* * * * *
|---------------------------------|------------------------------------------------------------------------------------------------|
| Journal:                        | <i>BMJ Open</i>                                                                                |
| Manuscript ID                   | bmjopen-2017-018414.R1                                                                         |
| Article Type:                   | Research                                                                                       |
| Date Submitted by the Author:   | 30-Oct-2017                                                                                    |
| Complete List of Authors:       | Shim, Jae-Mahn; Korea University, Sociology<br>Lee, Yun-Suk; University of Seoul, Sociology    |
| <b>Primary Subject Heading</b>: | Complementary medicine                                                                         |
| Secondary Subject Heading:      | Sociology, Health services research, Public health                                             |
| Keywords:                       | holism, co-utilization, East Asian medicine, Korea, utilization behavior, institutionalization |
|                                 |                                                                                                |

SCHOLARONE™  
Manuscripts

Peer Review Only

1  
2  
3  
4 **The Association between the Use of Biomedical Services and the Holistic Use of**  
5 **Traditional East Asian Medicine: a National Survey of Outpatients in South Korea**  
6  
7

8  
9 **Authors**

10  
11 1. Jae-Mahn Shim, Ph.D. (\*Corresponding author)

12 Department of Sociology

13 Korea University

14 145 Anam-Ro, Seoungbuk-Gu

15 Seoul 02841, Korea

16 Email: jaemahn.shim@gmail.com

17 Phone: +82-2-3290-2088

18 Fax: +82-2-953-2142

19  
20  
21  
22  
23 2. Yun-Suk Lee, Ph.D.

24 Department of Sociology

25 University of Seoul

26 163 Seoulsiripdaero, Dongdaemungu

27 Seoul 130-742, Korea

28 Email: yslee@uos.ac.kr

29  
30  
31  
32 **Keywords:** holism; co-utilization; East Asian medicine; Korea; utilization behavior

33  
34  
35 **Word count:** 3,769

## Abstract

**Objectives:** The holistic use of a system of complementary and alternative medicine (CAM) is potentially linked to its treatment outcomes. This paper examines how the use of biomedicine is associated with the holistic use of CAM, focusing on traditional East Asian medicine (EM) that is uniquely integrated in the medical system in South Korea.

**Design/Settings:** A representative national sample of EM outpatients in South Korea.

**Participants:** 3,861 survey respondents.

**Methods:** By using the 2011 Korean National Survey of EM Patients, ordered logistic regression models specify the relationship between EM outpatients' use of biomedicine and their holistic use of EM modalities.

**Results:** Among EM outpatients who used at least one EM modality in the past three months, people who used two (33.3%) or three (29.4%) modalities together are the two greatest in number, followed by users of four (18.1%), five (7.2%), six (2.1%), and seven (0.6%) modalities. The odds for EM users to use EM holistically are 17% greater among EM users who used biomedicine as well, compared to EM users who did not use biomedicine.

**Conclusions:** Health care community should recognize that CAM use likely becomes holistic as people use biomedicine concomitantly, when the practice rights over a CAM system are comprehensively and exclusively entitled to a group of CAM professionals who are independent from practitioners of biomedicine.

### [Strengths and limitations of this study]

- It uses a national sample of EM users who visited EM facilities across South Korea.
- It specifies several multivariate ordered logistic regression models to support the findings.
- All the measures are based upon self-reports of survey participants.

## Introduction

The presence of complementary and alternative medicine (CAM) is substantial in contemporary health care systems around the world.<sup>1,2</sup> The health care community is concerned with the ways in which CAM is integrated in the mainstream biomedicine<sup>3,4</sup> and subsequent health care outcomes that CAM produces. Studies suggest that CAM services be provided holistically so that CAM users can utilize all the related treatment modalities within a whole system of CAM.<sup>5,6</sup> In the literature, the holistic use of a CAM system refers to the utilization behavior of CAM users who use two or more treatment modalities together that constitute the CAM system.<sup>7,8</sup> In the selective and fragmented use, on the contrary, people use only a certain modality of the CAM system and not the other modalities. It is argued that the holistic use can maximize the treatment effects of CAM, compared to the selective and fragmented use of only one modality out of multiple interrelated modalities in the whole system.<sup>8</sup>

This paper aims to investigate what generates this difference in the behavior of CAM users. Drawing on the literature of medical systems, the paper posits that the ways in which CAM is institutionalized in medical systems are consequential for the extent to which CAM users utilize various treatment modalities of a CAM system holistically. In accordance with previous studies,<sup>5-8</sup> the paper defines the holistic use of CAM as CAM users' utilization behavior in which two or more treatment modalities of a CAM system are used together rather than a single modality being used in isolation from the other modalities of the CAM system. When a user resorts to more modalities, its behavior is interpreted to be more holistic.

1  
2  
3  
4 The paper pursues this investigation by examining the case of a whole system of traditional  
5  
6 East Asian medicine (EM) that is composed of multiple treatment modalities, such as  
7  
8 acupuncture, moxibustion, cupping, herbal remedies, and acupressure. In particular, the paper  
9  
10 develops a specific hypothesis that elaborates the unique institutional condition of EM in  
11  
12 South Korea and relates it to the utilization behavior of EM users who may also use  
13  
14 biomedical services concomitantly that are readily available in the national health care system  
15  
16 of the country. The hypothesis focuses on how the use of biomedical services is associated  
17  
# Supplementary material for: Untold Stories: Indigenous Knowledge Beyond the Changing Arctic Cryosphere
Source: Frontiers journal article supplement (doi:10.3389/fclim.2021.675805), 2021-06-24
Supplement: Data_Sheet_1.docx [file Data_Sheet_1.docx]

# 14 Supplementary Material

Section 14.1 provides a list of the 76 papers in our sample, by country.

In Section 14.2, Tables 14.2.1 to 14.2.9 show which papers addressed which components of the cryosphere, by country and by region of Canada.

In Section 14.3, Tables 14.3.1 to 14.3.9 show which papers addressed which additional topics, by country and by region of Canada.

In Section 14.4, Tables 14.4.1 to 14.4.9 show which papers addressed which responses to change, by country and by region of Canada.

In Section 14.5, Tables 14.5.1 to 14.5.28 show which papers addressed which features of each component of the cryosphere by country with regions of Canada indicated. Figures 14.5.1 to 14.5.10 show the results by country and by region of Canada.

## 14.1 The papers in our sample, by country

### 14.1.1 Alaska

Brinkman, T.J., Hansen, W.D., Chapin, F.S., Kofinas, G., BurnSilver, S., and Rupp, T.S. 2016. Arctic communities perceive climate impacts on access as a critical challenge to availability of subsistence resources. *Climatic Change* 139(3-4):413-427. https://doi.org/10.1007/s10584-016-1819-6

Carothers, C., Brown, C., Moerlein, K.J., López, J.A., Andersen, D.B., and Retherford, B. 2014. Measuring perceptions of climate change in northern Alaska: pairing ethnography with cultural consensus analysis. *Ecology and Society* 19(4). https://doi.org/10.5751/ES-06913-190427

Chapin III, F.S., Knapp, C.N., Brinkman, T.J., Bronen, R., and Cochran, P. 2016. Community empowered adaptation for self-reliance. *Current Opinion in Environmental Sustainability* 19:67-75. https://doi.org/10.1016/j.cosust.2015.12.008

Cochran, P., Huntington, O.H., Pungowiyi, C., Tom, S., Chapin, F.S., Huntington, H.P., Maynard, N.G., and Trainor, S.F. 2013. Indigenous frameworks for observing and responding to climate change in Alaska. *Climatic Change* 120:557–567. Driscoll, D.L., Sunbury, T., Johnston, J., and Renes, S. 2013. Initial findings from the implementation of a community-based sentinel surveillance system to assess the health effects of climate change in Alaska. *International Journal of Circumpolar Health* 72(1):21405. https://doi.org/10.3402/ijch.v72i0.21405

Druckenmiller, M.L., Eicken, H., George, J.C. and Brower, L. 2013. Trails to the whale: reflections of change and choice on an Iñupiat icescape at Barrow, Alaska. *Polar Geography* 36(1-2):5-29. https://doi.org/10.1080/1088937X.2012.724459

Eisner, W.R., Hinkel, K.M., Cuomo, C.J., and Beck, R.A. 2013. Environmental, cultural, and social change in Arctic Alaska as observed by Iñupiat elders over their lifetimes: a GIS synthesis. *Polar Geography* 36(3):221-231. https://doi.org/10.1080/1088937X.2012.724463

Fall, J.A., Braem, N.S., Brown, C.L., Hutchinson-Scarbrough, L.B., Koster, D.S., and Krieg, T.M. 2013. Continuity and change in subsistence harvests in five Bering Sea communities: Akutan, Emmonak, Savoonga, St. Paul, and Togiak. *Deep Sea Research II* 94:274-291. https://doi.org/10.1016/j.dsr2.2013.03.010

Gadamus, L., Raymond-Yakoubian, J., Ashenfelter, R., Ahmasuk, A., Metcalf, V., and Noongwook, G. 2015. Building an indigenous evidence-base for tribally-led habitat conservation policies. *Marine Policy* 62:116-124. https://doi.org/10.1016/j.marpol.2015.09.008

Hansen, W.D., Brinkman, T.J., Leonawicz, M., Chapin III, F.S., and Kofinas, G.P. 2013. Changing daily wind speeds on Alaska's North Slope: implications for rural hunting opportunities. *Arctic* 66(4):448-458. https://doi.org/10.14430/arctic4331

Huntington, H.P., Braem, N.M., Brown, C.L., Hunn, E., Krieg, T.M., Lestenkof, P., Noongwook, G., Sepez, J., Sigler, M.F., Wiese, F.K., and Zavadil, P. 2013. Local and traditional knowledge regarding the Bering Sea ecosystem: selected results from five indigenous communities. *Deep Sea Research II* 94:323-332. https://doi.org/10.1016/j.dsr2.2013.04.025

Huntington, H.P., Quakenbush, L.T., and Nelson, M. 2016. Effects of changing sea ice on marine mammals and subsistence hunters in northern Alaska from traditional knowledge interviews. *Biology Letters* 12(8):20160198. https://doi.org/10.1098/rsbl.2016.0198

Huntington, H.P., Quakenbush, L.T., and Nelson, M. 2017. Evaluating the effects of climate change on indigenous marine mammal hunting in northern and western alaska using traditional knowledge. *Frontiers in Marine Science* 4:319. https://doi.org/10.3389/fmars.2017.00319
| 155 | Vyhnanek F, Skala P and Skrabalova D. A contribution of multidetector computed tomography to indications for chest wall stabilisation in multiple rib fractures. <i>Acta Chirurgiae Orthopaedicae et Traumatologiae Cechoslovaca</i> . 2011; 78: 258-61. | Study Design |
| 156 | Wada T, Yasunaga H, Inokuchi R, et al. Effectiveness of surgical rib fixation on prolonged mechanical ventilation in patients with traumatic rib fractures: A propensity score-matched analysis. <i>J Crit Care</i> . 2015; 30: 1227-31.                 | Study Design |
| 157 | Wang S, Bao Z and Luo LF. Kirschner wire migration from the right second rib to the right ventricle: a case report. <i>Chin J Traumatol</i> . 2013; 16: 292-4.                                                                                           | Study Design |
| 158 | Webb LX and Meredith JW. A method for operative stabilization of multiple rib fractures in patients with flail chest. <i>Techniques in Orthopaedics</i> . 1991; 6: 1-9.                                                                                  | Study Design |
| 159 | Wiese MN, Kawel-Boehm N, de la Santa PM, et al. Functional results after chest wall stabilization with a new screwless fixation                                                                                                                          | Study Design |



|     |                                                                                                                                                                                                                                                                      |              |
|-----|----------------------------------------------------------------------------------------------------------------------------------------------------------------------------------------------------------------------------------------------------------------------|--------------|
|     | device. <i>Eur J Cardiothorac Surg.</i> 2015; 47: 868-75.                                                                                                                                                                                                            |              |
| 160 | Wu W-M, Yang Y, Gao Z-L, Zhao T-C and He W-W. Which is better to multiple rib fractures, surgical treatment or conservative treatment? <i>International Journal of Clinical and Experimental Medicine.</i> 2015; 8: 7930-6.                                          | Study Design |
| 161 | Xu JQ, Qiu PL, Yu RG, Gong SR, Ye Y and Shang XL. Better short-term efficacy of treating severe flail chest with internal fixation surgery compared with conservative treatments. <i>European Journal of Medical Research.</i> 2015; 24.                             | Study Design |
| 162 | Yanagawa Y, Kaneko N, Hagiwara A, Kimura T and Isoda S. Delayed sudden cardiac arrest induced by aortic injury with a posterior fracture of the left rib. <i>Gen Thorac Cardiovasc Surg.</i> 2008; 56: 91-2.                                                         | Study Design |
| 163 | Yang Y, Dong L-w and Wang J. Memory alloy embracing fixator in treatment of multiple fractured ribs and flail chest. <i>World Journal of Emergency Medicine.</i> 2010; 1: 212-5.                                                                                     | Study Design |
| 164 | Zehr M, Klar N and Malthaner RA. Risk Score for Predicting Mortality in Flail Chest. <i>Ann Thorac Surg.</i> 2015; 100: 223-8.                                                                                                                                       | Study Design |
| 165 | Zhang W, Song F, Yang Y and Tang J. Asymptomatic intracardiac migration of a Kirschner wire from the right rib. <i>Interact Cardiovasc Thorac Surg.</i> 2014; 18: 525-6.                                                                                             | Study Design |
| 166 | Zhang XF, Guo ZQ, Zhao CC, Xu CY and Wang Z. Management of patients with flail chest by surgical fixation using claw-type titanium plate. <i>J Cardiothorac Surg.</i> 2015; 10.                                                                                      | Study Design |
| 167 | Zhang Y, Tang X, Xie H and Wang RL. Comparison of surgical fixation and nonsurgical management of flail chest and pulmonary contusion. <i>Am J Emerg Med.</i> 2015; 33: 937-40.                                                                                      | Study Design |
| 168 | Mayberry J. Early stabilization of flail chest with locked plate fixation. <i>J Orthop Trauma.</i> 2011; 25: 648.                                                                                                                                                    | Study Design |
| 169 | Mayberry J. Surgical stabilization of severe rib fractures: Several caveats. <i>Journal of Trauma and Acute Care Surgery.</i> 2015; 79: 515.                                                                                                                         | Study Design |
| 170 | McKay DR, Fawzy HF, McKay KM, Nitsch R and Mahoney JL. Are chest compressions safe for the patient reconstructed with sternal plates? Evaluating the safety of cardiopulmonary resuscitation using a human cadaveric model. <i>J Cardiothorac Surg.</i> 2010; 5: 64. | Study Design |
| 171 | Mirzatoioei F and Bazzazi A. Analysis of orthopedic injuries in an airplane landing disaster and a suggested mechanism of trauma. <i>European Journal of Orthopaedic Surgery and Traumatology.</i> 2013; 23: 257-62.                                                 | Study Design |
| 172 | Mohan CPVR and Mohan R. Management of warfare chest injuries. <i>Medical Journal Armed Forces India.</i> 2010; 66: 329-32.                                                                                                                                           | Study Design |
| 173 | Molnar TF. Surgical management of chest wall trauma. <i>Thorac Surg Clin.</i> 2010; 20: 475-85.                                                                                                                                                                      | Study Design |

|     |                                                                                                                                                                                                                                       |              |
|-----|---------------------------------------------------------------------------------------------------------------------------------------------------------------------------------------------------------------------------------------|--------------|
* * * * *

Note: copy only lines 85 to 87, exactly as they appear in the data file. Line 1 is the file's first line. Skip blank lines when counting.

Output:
In Section 14.2, Tables 14.2.1 to 14.2.9 show which papers addressed which components of the cryosphere, by country and by region of Canada.

In Section 14.3, Tables 14.3.1 to 14.3.9 show which papers addressed which additional topics, by country and by region of Canada.

In Section 14.4, Tables 14.4.1 to 14.4.9 show which papers addressed which responses to change, by country and by region of Canada.